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New (and not-so-new) insights on antipsychotics across a range of different measures of treatment response.
There is evidence for a critical period early in the course of schizophrenia that can have long-lasting impact on the course of illness.1 Approximately one-third of patients with schizophrenia have evidence of treatment resistance, for which treatment with clozapine is considered the “gold-standard.” It has been hypothesized that illness duration is associated with antipsychotic response, which raises the possibility that clozapine may be more effective if given earlier in the course of illness.
Jones and colleagues2 investigated whether earlier use of clozapine is associated with greater efficacy in randomized controlled trials (RCTs). They performed a systematic review of studies from PubMed, EMBASE, the Cochrane Schizophrenia Group’s Trials Register and the WANGFANG database of Chinese medical literature. They included all single- and double-blinded RCTs trials in English or Chinese of non-treatment-naÃ¯ve, adult-onset schizophrenia, rather than reported treatment resistance, comparing clozapine with one or more other antipsychotics.
Studies where at least 60% of subjects with schizophrenia or schizoaffective disorder were treatment non-naÃ¯ve were included. They excluded studies of childhood-onset schizophrenia, as well as studies of clozapine used to treat tardive dyskinesia, comorbid substance use, or aggression.
Primary outcome measures were: 1) effect on total psychotic symptoms, and 2) response rate (defined as at least a 20% reduction in total psychopathology or a Clinical Global Impression (CGI) rating of improved or very much improved. Data on age and illness duration were also collected for each study. Standardized mean differences (SMDs) were calculated for continuous outcomes and proportion of responders were used for dichotomous outcomes.
Study quality was assessed with the Cochrane risk of bias tool. The authors also requested individual patient-level data from all studies published in 2000 or after. Random effects meta-analysis was performed, as well as meta-regression analyses to investigate effects of age and illness duration on each outcome measure.
The authors identified 276 studies for full-text review, of which 34 met the inclusion/exclusion criteria. The majority of studies were double blind RCTs, with sample sizes ranging from 10-423, and most studies were of clozapine versus a single competitor. Clozapine was associated with significantly greater reduction in total psychotic symptoms compared to other antipsychotics with a small effect size (SMD=-0.21), as well as a significant, 1.22-fold increased relative risk of response.
Clozapine was also associated with significantly greater reduction in CGI scores and lower discontinuation rates for lack of efficacy, but no difference in positive or negative symptoms or all-cause discontinuation, in secondary analyses. Funnel plots showed no evidence of small study effects or publication bias. The median of mean age of study subjects was 37. In meta-regression, there was no evidence of a relationship between age or illness duration and clozapine response for any outcome measure. Two studies provided individual-level patient data, and in one of these studies younger age and shorter illness duration was associated with significantly greater reduction in total psychotic symptoms in the clozapine group.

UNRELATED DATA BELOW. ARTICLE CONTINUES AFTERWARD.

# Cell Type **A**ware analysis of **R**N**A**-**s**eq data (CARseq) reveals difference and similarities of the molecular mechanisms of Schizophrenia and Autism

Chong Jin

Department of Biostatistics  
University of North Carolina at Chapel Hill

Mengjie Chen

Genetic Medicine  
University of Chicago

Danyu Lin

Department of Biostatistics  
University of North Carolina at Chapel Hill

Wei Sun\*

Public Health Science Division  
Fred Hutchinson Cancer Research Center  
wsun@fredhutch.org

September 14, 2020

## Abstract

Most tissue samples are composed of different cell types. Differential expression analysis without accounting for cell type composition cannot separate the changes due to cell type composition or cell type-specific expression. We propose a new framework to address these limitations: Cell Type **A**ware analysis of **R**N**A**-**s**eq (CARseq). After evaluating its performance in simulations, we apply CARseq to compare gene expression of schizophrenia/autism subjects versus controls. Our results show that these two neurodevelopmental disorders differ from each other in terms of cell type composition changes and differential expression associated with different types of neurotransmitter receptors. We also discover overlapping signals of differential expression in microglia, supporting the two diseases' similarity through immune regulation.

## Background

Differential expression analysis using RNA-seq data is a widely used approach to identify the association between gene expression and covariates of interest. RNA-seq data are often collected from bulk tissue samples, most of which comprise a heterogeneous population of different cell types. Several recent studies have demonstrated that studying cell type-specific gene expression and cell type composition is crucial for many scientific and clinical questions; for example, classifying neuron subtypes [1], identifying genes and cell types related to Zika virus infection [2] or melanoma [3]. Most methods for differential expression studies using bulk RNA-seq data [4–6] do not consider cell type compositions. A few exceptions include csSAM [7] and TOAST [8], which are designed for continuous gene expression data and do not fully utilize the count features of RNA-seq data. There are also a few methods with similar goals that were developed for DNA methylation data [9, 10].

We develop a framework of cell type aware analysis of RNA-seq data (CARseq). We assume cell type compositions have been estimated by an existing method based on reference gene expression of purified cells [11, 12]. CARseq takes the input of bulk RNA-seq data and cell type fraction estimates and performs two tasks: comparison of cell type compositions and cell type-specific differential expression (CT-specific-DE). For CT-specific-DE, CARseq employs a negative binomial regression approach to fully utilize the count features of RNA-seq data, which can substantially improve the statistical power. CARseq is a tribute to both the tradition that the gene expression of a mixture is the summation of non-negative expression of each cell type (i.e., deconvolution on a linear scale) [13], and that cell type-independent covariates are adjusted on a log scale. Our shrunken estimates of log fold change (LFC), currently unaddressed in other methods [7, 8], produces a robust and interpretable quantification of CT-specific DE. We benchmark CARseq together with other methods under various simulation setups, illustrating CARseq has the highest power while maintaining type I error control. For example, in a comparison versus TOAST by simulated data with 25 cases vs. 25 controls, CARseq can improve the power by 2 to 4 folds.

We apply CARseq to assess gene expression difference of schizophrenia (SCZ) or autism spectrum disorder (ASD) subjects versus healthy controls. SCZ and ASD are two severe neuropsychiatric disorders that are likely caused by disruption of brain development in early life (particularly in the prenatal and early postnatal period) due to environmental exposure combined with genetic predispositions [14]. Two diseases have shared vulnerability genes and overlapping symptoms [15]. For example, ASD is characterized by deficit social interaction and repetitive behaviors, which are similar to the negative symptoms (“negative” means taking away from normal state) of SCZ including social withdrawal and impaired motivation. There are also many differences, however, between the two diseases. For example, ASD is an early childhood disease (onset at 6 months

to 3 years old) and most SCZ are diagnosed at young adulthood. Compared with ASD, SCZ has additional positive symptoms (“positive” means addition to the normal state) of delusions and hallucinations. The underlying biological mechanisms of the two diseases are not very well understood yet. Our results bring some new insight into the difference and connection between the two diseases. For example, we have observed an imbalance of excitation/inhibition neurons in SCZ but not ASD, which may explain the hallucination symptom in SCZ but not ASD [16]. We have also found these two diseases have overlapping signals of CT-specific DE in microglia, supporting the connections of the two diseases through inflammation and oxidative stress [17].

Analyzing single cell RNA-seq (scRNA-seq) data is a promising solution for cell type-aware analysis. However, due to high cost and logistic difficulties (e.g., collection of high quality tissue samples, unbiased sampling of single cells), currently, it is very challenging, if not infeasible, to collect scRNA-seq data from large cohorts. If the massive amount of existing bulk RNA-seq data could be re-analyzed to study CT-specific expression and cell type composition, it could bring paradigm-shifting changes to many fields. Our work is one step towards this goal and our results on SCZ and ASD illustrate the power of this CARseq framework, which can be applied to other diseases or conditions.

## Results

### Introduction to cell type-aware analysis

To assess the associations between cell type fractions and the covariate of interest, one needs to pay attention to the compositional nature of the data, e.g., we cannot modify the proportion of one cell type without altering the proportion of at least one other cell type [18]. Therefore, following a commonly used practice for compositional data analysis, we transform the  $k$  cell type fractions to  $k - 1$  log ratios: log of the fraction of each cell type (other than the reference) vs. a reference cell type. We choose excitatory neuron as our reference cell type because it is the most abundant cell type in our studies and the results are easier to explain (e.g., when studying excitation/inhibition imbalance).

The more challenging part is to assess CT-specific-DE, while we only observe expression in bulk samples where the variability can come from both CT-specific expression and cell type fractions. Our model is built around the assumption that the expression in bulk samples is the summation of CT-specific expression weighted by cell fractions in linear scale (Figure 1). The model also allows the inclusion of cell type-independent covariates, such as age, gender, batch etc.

The authors note that a strength of the present study is the large number of trials included in this quantitative review, as is the inclusion of Chinese language studies. One limitation is the potential for aggregation bias in meta-regression analyses, which does not preclude the presence of an effect in individual studies, given the narrow range of mean ages in included studies. Another limitation is that the outcome in the meta-analysis was the relative response to clozapine (versus comparator antipsychotic), which also does not preclude an effect of age on the absolute response rate to clozapine.
The bottom line
The authors found evidence for superiority of clozapine than alternative antipsychotics across a range of different measures of treatment response, and no evidence of an effect of age on the effectiveness of clozapine. Clozapine remains underutilized.
Dr Miller is Associate Professor, Department of Psychiatry and Health Behavior, Augusta University, Augusta, GA. He is the Schizophrenia Section Chief for Psychiatric Times. The author reports that he receives research support from Augusta University, the National Institute of Mental Health, the Brain and Behavior Research Foundation, and the Stanley Medical Research Institute.
1. Harrison G, Croudace T, Mason P, et al. Predicting the longterm outcome of schizophrenia. Psychol Med. 1996;26:697-705.
2. Jones R, MacCabe J, Price MJ, et al. Effect of age on the relative efficacy of clozapine in schizophrenia. Acta Psychiatri Scand. 2020 [Epub ahead of print].